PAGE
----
I love the book of Jonah. I love it because it shouldn't exist. God sends a prophet to preach but he runs the other way, has to be chased with a storm and swallowed by a fish before he's prepared to do what he was originally told to do. When he finally preaches in the evil city of Nineveh everyone repents. Everyone puts their trust in God. Quits sin and looks for mercy. That's at least 120,000 people seeking repentance in a day (3v9), and God grants repentance relenting from wrath towards them (3v10). I don't think you'd find an evangelist who wouldn't come in from that kind of days work and be absolutely exhuberantly overwhelmingly delighted.
And yet (4v1) Jonah is devastated. He's exceedingly angry. Makes you think why does God bother? Surely he could find a prophet who'd do the job and be glad when things turn out well. But this prophet is furious. Enough to die. And he has stern words with God for it. He states what we've all wondered since the beginning of the story. Why exactly had he run away from doing what God had asked of him. And the peculiar reason is because he knew that God would be gracious and save the city. For most evangelists that's the kind of motivation that gets them going. But not Jonah. Oh no. Jonah turns on God and reprimands him for this. He'd told God this would happen. He's warned him. He'd tried to save God from himself - he'd gone the other way in a clear signal that this was an unwise course of action for God. The LORD who is gracious and compassionate, slow to anger and abounding in love apparently needs saving from himself. So says Jonah.
It's all too much. If God isn't going to destroy the Ninevites then the only other solution is for him to kill Jonah. And he says it. Angry enough to die. Put me out of my misery!
Meanwhile, there are 120,000 new believers in city. The obvious course of action is for Jonah to do what prophets do and teach the law to them. Not Jonah. He's off. But not westward for home. He goes east. And he sits down to watch. Waiting for God to see sense and destroy them after all. No follow up here. No care and discipleship. He wants them dead and he'll wait for it happen.
One way in which Jonah might have been right to be angry is the nagging question of the Old Testament. How can God just let them off. However, if that was Jonah's issue he should have been asking the same question about his own salvation - why hasn't God just gotten rid of him for his own rebellion. So, I don't think that's really Jonah's problem. That issue is resolved when Jesus comes along with every other outstanding question in the New Testament.
Jonah has miscalculated however because it's way too hot out by Nineveh. He builds some shelter but it wont keep the sun off. God provides a plant. Just as he'd previously provided a fish once more he models grace to the rebel preacher boy. Jonah is ecstatic. He rejoices. Then God takes the plant away. Jonah is once more angry enough to die. But this is all a lesson for him, and God graciously explains. Every step along the way of this story was an opportunity for God to smite Jonah but again and again he abounds in grace and speaks to Jonah.
There's a great little tangent of a lesson here about ministry in Gods' kingdom - he uses people like Jonah with screwed up motives and disobedient hearts and still gets his work done. We're not going to thwart the advance of God's gospel by being sinful losers. This strange Minor Prophet with only a few words of prophecy is a prophecy in it's entirity. Told in the life of Jonah. Worked out in his life as he takes the gospel to the nations.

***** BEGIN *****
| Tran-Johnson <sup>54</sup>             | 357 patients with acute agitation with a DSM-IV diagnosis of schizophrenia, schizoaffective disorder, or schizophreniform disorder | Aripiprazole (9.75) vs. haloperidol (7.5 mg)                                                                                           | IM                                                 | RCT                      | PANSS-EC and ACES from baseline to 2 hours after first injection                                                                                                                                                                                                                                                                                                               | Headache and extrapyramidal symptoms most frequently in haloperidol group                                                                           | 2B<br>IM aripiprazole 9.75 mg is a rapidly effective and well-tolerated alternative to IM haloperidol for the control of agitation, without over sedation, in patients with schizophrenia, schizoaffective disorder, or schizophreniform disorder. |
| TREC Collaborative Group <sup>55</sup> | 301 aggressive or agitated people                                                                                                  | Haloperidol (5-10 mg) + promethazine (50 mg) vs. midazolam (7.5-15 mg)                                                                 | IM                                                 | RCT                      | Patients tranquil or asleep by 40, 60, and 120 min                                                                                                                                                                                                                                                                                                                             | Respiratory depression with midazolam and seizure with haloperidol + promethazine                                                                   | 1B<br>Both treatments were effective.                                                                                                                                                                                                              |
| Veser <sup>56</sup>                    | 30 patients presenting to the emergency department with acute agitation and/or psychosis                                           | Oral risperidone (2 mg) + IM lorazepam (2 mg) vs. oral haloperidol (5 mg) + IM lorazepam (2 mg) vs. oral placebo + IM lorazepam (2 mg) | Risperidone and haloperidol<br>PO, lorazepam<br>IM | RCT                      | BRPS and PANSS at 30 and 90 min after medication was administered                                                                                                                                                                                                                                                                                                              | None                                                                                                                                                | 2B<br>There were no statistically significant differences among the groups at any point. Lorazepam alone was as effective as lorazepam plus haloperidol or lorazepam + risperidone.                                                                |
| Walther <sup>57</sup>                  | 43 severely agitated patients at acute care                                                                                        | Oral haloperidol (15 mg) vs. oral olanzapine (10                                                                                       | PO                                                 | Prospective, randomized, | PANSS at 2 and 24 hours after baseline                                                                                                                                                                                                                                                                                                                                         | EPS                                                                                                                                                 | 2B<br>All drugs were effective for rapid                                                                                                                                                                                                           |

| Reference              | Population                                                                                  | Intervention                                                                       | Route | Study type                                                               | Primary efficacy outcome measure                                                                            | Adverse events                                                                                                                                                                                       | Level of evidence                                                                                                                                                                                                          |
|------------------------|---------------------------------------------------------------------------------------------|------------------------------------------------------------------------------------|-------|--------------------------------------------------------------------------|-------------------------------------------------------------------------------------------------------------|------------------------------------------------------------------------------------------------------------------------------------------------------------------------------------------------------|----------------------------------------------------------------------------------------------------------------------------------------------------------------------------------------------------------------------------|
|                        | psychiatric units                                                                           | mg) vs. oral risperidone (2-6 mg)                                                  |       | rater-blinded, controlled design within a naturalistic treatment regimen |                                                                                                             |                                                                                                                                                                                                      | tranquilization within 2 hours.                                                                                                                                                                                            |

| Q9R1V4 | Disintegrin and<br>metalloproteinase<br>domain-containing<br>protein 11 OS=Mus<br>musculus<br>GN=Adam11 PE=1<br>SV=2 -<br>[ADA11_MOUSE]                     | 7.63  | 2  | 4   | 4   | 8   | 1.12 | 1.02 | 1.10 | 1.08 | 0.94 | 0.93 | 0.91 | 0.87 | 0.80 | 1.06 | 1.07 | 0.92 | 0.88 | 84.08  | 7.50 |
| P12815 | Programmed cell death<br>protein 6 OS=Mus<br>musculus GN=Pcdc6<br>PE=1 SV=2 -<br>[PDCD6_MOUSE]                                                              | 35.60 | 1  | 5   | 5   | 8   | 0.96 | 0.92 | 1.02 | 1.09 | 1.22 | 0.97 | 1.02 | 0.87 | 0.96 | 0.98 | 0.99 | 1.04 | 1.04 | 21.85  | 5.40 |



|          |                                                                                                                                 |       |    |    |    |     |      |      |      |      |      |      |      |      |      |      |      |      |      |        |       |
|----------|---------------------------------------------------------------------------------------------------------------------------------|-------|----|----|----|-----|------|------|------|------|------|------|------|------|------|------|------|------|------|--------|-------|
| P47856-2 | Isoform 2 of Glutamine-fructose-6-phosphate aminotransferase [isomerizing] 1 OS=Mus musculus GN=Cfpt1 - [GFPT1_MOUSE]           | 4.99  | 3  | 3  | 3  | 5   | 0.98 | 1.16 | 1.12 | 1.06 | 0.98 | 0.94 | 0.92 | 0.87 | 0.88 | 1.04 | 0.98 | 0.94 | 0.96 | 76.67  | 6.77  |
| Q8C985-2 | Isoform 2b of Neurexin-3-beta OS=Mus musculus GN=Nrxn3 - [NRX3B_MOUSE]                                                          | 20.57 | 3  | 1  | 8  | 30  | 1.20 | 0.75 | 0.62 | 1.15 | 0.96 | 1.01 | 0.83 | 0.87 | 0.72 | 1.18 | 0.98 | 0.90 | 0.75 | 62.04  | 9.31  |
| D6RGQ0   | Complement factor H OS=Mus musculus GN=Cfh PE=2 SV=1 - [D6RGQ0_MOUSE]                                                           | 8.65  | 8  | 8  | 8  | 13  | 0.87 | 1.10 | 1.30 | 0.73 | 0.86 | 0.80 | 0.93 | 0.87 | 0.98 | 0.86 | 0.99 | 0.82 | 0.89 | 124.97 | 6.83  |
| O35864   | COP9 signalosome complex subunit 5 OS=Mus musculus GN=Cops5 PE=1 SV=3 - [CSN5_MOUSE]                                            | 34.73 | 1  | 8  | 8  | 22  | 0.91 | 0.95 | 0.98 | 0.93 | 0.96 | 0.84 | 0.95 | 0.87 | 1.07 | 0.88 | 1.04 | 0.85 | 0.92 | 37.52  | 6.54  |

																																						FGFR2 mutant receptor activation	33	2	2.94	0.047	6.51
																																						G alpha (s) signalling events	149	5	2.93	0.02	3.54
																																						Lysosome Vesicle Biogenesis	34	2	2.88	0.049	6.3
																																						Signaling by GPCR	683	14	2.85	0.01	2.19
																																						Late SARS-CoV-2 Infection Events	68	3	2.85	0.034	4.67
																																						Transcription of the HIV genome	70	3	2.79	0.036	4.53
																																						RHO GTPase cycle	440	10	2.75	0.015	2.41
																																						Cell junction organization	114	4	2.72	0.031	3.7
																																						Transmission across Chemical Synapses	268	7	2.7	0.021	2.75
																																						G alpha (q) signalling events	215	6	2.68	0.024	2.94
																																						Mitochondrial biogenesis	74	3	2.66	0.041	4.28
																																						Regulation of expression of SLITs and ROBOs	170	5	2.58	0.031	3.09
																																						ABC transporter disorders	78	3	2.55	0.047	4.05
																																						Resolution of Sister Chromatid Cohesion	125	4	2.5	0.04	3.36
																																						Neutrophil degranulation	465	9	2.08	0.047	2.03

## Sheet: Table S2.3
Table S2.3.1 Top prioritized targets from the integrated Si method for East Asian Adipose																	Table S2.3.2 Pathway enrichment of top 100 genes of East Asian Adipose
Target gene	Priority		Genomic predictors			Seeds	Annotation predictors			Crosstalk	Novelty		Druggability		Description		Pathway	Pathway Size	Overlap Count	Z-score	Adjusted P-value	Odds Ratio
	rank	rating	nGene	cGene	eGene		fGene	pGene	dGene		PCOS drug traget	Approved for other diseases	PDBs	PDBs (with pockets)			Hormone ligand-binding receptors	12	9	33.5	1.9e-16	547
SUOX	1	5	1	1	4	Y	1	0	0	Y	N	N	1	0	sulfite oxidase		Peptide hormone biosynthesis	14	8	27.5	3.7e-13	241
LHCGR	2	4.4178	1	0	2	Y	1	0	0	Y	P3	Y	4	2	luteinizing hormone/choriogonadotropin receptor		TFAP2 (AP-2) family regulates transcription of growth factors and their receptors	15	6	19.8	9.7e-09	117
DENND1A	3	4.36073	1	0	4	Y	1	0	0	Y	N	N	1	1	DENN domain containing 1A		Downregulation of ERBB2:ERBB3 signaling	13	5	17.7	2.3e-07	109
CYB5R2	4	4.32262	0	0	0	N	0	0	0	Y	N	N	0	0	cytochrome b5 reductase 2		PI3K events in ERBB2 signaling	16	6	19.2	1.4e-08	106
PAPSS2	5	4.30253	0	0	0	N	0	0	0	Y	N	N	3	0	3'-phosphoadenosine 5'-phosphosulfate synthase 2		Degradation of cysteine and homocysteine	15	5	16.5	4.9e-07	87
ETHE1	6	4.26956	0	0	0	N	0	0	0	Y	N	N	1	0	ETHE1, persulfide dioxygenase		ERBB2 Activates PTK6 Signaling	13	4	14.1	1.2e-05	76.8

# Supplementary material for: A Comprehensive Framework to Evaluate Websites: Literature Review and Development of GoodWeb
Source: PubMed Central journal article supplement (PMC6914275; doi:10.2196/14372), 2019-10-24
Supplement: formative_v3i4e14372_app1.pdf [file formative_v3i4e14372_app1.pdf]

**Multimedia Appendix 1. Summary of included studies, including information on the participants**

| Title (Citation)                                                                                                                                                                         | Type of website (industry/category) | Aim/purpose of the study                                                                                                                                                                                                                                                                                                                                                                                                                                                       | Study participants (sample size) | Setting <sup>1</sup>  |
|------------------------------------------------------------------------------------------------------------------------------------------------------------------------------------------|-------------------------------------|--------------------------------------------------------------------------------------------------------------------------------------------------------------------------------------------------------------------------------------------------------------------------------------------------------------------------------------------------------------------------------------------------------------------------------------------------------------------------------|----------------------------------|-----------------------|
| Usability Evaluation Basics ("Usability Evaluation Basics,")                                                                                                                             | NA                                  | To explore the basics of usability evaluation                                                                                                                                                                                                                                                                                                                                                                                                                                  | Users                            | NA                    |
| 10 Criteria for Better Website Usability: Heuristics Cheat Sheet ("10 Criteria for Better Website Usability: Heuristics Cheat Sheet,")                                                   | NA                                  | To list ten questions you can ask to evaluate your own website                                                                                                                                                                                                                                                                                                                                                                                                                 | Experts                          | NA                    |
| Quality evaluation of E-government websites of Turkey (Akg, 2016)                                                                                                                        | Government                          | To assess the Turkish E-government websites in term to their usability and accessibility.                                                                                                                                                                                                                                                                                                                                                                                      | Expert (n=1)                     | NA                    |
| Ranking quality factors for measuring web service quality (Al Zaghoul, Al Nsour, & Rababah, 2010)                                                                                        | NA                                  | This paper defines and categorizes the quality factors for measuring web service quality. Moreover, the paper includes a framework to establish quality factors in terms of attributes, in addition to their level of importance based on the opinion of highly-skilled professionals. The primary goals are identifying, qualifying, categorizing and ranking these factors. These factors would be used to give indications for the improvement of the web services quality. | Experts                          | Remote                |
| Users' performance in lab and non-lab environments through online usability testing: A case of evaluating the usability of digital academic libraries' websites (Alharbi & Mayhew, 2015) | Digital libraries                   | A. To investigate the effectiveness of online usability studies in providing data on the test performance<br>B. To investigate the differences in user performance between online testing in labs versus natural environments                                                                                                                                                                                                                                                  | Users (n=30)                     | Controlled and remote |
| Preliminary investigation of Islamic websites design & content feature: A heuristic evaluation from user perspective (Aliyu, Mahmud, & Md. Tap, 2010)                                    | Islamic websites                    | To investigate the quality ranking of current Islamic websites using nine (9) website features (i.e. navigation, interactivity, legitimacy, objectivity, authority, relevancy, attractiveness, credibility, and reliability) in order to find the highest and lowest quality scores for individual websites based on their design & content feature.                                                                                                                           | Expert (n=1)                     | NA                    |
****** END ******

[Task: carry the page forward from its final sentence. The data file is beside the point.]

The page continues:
The point is really simple. Jonah cares about a plant he didn't make grow. Shouldn't God then care about 120,000 people. And their cows. Not sure why. Maybe it's to help us see we can't know everything. Maybe it's because the cows should be dying as sacrifices in the city offered by these new disciples but Jonah just wants everything burnt. Maybe it's an appeal that if Jonah doesn't care about the people but does care about a plant, a cow is somewhere in between. I dunno. David Field : God cares for cattle
Nonetheless, Jonah knows God is gracious and compassionate, slow to anger and abounding in love. He knows. He can talk about it. He has the application all wrong. The kind of wrong that gets you nearly drowned and then covered in fish vomit. And then the book ends. It ends with a question. We're left hanging. We don't know how he responded. We know the answer to the question but then the book ends. Not even a Blairite flourish of "the end". Another cliffhanger.
Options - either Jonah repents or he doesn't. If not then the conversation should have ocntinued and it's hard to see how Jonah would tell the story like this. Either he'd have rewritten the history to make himself a hero or he wouldn't have told it at all. Most of all though the point wont be how Jonah responded - the question is left for the original readers and for us. Will we apply God's grace in a way that says we want evil people to receive it (people like us for a start), or not? The answer will be in our lives and it'll resound when Jesus retells the story as 'the sign of Jonah'.
For what it's worth I think Jonah repented. The book reads like he must have got it in the end. It humiliates him. All the way through he writes brilliantly, leading us to expect one thing but then getting under our skin with shocks and twists. I also suspect it's only after the end of the story, when Jonah has repented, that God whispers in Jonah's ear to tell the repentant prophet that the pagan sailors got saved too while he was sinking to the bottom of the Med. And if he really got it he'd have rejoiced over that as he went down to get teaching the new believers of Nineveh and write down the story of God's grace in his own life.
I work for UCCF and that means I can talk about God's grace until I drop. That's what we do. The question is, do I get it or am I just like Jonah?